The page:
It is crucial for anyone seeking to withdraw from alcohol or diazepam to do so under medical supervision. Just as taking diazepam with alcohol increases the effects of both substances, detoxing them simultaneously increases the severity of withdrawal symptoms.
Medication For Diazepam and Alcohol Withdrawal
A medical detoxification programme may be recommended for those struggling with alcohol and diazepam addiction or dependence. Medical detox provides a supervised environment where healthcare professionals can monitor withdrawal symptoms and provide appropriate medications to manage the process.
During a medical detox, the healthcare provider may increase your initial dosage of valium to support a safe alcohol withdrawal. You will gradually tap off the diazepam dosage to minimise withdrawal symptoms. We deliver nutrition, vitamins, medications, and light therapies to help you during this period. This approach helps reduce the risk of severe complications developing whilst ensuring you are monitored and supported throughout.
After successfully completing a detox, we recommend that you participate in a comprehensive rehabilitation program. If you go to a registered rehab centre, you’ll get professional therapies and treatments to help you.
Addiction treatment delivered within a treatment centre is tailored, targeted and intensive. You can achieve the same outcome in a few weeks to months that would normally take years in the community.
Rehab and detox clinics provide a safe place away from temptation and the pressures of daily life. Limiting your exposure to stress is very helpful during detox and the early days and weeks of recovery.
Avoiding Protracted Withdrawal
Protracted withdrawal refers to prolonged withdrawal symptoms that persist beyond the typical timeframe. It can occur in both alcohol and benzodiazepine withdrawals, including diazepam withdrawal. CNS depressants can pose an exceptionally high incidence of PAWS symptoms, primarily when the exit is not controlled medically.
To avoid protracted withdrawal, following a medically supervised tapering schedule is essential when discontinuing diazepam or alcohol usage. Slowly decreasing diazepam dosage for alcohol withdrawal with professional guidance or approved medications helps the brain and body adjust. This minimises the risk of prolonged symptoms. In many cases, medication and therapy can help to reduce the risk and symptoms of PAWS.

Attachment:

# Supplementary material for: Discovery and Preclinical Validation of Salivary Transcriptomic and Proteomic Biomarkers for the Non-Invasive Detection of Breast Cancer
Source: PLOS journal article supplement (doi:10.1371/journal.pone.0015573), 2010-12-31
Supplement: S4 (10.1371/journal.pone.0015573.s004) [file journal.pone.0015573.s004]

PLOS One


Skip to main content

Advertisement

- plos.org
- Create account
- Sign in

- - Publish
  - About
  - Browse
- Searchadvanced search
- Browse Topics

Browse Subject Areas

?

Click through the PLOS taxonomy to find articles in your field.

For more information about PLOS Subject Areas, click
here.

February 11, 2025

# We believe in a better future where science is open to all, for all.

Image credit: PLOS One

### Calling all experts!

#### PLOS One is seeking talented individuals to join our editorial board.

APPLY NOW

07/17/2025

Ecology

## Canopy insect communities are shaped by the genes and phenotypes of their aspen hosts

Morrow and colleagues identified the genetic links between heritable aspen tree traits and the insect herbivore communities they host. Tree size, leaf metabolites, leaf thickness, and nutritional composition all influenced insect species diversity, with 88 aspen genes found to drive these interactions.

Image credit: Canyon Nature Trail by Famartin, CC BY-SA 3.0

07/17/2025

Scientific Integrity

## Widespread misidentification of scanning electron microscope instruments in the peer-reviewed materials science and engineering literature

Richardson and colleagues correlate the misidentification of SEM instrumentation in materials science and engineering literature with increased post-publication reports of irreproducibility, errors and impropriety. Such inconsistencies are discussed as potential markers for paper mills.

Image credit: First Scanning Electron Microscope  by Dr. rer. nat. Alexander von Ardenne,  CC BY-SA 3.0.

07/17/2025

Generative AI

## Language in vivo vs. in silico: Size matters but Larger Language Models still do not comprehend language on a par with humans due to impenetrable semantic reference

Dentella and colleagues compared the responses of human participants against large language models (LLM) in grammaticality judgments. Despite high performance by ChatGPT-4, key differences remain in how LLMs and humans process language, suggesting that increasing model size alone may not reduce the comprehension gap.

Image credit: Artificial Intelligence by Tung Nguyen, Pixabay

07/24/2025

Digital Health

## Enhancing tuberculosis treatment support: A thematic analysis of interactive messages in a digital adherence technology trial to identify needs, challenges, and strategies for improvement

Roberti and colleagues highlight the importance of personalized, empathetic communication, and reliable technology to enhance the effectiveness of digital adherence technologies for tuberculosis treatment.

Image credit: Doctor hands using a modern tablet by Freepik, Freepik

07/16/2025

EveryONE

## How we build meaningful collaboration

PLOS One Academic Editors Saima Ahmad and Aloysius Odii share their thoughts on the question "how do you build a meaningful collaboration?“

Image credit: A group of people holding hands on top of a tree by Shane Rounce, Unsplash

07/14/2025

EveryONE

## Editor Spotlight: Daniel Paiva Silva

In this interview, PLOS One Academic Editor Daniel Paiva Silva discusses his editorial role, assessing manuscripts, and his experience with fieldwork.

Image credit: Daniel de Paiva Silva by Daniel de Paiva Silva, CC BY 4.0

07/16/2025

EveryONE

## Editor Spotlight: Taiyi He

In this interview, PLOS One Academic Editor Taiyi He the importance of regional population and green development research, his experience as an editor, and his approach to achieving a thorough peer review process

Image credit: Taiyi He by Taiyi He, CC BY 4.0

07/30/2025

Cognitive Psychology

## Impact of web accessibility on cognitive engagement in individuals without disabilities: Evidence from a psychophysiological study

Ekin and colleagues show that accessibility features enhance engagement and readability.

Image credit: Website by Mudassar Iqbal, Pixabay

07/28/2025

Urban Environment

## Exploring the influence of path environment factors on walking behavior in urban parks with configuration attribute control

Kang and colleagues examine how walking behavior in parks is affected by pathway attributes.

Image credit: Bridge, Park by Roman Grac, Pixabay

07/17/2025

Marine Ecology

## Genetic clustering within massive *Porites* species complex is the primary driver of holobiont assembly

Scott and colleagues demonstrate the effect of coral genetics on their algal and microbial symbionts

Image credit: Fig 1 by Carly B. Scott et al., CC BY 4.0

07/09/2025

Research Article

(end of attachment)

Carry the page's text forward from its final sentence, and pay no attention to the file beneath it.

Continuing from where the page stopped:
Valium and Alcohol PAWS Symptoms include:
- Brain fog
- Poor concentration and memory
- Sleep disturbances
- Cravings for alcohol or diazepam
Protracted withdrawal symptoms can persist for months or even years after discontinuing alcohol or diazepam use. Seeking professional help and support during this time is instrumental in managing these symptoms effectively.
Urgent and Effective Treatment For Alcohol and Benzodiazepine Withdrawal
If you or someone you know has an issue with alcohol or valium, professionals recommend seeking assistance. It is also important to consider a comprehensive treatment plan. Treatment programmes for substance dependence and abuse should include detoxification, therapy, and ongoing support. The way you choose to detox does count towards your long-term recovery.
We recommend treatment providers based all over the UK and overseas. They provide effective care for substance use and related conditions, helping you live and enjoy a drug-free life. Our detox and rehab treatment centres are highly regulated and offer a safe and compassionate approach to help you heal.
Call and speak with one of our addiction experts today for more information and a free, no-obligation, confidential treatment and detox plan. Remember, you don’t have to face this journey alone. We are here and ready to listen to your story.
- About Diazepam: https://www.nhs.uk/medicines/diazepam/
- The effects of combining alcohol with other drugs: https://uhs.umich.edu/combine#:~:text=Depressants%20(Xanax%2C%20Valium)%20combined,memory%20loss%20and%20potential%20death.
- Effects of Alcohol Dependence and Withdrawal on Stress Responsiveness and Alcohol Consumption: https://www.ncbi.nlm.nih.gov/pmc/articles/PMC3860383/
- Dependence, withdrawal and rebound of CNS drugs: an update and regulatory considerations for new drugs development:https://www.ncbi.nlm.nih.gov/pmc/articles/PMC7425303/